18. There isn’t any remarkable advice to give. 1. Do everything in your power to make as much money as you can (earn a valuable degree, ask for promotions, interview for new companies yearly, etc). 2. Stop spending money (get roommates, reject consumerism, drive a used/cheap car until it is scrap metal or better yet ride a bike, live in a safe but modest space, cook healthy food at home, keep physically active, etc). 3. Invest every dime in total market index funds and max out tax advantaged accounts before you put the rest in a taxable account. It isn’t complicated, but it does require a highly paid skill set and/or a radically different set of values than most Americans have.
  19. 5 million is roughly 167 years of expenses for me. Better keep working 🙄
  20. That’s really awful news. He is the only person in the investment industry that I admire. I guess all we can do is to keep passing on everything he taught us.
  21. I think Steve got the link right. This page documents the plan, this page documents specifically what I did to enroll, and this page documents the roadblocks people put in my way. Let me know if you have any questions. One thing to consider is that by not contributing to an IRA (at least before maxing the 403b), you’ll more quickly hit the 50k mark, which is when SecurityBenefit waives the $35/year fee. This is a really small optimization, but it gives the added benefit of simplicity and may be worth exploring.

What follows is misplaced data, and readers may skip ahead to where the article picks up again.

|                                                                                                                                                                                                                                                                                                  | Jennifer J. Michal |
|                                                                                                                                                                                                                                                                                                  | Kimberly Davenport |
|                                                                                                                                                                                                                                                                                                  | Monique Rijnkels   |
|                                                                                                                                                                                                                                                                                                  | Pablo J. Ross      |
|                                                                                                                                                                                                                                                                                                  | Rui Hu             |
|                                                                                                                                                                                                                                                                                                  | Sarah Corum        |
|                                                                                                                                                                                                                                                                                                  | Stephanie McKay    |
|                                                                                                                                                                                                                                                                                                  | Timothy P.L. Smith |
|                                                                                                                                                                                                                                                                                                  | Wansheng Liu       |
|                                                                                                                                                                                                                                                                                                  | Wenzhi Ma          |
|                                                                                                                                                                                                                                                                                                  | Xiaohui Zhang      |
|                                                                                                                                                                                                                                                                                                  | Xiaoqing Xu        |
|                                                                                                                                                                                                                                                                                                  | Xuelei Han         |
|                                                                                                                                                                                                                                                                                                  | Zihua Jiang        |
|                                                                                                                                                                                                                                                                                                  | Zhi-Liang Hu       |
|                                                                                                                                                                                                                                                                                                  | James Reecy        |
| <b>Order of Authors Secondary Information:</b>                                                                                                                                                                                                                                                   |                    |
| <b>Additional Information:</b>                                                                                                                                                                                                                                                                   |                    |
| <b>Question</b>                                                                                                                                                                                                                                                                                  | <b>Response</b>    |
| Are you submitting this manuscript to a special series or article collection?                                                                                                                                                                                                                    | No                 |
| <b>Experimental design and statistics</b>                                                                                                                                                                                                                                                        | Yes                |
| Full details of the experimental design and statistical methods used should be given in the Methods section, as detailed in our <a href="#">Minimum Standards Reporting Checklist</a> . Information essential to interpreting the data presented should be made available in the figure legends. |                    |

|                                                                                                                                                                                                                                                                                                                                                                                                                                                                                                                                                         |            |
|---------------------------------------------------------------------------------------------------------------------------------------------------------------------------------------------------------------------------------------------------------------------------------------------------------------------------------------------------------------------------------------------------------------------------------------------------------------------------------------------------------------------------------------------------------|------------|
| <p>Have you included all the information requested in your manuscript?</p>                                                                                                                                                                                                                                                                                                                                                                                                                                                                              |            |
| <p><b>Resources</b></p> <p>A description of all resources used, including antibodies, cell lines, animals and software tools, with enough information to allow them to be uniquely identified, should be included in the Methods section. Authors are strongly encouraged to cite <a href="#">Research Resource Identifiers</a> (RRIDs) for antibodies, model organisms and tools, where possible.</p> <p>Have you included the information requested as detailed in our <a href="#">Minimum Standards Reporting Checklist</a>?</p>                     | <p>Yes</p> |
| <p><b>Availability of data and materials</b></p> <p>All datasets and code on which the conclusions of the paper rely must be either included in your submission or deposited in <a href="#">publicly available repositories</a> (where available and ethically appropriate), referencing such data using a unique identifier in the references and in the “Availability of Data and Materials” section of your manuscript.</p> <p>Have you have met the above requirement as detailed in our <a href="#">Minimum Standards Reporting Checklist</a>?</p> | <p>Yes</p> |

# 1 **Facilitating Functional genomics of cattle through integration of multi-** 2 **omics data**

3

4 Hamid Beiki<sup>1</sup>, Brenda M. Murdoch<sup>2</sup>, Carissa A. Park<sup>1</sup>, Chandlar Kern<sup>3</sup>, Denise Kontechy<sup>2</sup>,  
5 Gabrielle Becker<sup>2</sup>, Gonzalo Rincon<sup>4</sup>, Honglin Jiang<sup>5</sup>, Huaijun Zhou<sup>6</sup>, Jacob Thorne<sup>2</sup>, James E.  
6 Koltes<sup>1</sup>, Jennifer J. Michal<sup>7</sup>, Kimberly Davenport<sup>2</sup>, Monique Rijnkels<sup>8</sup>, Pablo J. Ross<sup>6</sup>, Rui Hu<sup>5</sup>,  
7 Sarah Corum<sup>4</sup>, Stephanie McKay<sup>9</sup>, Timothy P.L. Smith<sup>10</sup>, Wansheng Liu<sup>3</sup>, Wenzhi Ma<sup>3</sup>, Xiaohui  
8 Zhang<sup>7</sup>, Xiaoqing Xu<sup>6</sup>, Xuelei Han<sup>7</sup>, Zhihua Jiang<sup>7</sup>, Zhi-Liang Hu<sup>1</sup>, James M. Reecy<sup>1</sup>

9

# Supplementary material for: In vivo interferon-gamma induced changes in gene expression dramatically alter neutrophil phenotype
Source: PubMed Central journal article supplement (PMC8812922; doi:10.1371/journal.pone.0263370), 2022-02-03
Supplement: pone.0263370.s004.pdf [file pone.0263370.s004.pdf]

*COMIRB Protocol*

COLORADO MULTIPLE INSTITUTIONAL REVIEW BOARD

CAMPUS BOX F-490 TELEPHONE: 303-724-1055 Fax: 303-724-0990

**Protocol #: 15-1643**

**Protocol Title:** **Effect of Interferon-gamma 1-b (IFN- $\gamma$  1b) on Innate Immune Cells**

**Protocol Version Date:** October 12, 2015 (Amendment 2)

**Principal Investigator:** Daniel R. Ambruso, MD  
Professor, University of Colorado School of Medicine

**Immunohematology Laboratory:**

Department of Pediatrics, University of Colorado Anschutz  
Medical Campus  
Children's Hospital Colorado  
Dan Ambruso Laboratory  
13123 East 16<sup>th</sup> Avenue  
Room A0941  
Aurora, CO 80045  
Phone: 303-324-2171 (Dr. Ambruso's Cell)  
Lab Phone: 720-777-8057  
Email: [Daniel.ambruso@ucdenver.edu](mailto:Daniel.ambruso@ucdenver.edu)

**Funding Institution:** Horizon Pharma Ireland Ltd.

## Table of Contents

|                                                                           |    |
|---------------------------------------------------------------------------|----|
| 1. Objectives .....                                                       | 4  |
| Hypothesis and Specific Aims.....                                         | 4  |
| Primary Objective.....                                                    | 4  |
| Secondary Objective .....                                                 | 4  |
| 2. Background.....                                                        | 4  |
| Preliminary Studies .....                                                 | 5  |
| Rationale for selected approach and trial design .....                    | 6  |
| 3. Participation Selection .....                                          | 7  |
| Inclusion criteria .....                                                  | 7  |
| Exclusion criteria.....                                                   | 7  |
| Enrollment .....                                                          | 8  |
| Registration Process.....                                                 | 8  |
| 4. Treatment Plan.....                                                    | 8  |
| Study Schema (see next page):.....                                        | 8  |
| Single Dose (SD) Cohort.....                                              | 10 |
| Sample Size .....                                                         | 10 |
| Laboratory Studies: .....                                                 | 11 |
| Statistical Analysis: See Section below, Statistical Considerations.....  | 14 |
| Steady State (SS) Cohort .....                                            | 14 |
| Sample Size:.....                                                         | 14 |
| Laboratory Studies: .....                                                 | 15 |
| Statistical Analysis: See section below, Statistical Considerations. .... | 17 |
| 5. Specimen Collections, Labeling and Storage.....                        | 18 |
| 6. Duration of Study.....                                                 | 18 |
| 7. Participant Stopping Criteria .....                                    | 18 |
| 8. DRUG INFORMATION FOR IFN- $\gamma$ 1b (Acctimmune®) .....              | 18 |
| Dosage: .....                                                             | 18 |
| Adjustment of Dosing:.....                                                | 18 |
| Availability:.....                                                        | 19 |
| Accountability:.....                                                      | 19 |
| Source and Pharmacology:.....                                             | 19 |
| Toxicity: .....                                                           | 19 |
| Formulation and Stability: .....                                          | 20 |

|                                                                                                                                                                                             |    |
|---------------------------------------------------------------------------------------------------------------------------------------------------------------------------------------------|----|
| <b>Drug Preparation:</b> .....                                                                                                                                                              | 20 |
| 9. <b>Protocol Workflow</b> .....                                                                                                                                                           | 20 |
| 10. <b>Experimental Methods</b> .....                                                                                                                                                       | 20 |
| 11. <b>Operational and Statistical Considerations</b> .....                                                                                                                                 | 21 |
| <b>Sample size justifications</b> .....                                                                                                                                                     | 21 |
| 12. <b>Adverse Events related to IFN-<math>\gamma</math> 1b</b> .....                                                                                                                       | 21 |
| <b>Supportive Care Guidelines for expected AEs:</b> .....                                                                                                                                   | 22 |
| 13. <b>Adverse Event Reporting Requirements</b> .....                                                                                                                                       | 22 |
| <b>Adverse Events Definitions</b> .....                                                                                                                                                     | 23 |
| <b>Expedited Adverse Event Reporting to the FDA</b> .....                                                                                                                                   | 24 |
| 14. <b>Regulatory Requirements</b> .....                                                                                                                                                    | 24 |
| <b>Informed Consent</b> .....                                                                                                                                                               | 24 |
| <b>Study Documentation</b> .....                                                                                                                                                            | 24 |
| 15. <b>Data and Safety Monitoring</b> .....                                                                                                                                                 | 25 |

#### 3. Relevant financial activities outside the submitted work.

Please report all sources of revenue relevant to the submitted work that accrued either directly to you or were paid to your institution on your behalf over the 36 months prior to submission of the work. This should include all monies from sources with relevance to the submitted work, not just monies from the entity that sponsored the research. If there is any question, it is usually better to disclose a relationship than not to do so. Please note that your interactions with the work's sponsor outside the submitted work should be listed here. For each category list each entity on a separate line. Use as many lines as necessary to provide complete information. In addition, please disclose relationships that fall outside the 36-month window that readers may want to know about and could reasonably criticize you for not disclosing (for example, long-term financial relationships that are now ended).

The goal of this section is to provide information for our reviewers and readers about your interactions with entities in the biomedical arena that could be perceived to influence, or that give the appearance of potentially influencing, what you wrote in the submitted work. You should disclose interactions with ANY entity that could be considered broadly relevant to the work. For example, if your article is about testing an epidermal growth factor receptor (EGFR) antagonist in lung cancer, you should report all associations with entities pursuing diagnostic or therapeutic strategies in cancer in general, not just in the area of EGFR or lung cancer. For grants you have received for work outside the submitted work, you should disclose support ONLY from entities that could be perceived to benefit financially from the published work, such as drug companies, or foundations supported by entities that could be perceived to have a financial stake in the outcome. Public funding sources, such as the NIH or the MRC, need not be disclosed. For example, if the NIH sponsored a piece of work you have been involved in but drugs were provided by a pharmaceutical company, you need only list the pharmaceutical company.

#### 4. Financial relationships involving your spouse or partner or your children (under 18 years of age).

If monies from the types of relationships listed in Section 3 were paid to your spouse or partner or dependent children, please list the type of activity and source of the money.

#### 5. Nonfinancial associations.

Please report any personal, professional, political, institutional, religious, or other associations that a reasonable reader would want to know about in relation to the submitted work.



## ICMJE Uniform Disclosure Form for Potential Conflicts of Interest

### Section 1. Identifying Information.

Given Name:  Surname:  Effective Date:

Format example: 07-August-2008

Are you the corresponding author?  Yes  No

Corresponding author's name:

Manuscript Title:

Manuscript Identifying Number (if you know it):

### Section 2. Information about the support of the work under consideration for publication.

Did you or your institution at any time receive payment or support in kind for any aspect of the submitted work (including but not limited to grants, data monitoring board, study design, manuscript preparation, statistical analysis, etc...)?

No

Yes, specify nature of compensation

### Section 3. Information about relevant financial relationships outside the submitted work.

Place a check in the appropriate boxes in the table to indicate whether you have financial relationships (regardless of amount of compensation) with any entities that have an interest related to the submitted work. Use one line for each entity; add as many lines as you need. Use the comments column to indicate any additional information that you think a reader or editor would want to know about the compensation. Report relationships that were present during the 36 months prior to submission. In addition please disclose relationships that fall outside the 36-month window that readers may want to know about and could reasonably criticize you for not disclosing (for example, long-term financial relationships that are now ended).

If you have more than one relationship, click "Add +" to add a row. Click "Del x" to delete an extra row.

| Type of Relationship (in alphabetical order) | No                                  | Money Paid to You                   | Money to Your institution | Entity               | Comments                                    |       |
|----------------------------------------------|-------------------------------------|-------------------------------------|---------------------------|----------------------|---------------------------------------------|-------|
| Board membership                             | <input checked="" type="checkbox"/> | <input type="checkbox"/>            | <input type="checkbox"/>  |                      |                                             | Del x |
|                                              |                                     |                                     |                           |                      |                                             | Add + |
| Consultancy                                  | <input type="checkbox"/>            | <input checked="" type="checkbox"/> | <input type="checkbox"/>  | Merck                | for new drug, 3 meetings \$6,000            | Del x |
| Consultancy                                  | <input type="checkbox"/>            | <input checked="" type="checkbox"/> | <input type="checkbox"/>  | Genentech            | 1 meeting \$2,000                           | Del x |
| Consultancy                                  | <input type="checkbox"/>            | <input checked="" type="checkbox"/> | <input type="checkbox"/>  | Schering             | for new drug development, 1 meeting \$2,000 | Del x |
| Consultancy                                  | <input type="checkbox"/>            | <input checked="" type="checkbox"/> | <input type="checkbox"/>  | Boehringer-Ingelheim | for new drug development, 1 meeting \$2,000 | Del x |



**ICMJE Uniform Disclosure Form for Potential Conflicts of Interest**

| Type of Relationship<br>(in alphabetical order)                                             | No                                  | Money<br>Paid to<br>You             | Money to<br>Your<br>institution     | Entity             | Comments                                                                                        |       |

22. The biggest point to be made about the superiority of Traditional accounts centers on the nature of our progressive tax code... Every dollar you contribute to a Roth is taxed at your highest marginal tax bracket. However, when you pull money out of a Traditional, some of your money isn’t taxed at all (standard deduction) and then you get to fill up the lower tax brackets before you hit that top rate. That means your effective tax rate from Traditional withdrawals is likely to be much lower than the tax rate of Roth contributions (i.e. your highest marginal rate). Most people (or at least most savers that live below their means) have more taxable income when they’re working than they do during retirement because they have expenses they don’t necessarily have in retirement. For example, in retirement you may not be paying for kids, a mortgage on a family home, multiple cars, or income tax on money that you invested in a taxable (or Roth) account. Therefore it isn’t likely that you’ll be in a higher tax bracket during retirement than you were when you were working. Because of all of this, the vast majority of people will pay less in total tax if they invest in a Traditional, which is demonstrated by the following (rough) equations: Roth Value = $1 * (1 - HighestMarginalTaxRate) * (1 + InvestmentReturn) ^ NumberOfYears Traditional Value = $1 * (1 + InvestmentReturn) ^ NumberOfYears * (1 - EffectiveTaxRate) There are cases where a Roth is superior and the argument above assumes no changes to the tax code because I can’t accurately predict how it’ll change. For a more detailed argument: https://thefinancebuff.com/case-against-roth-401k.html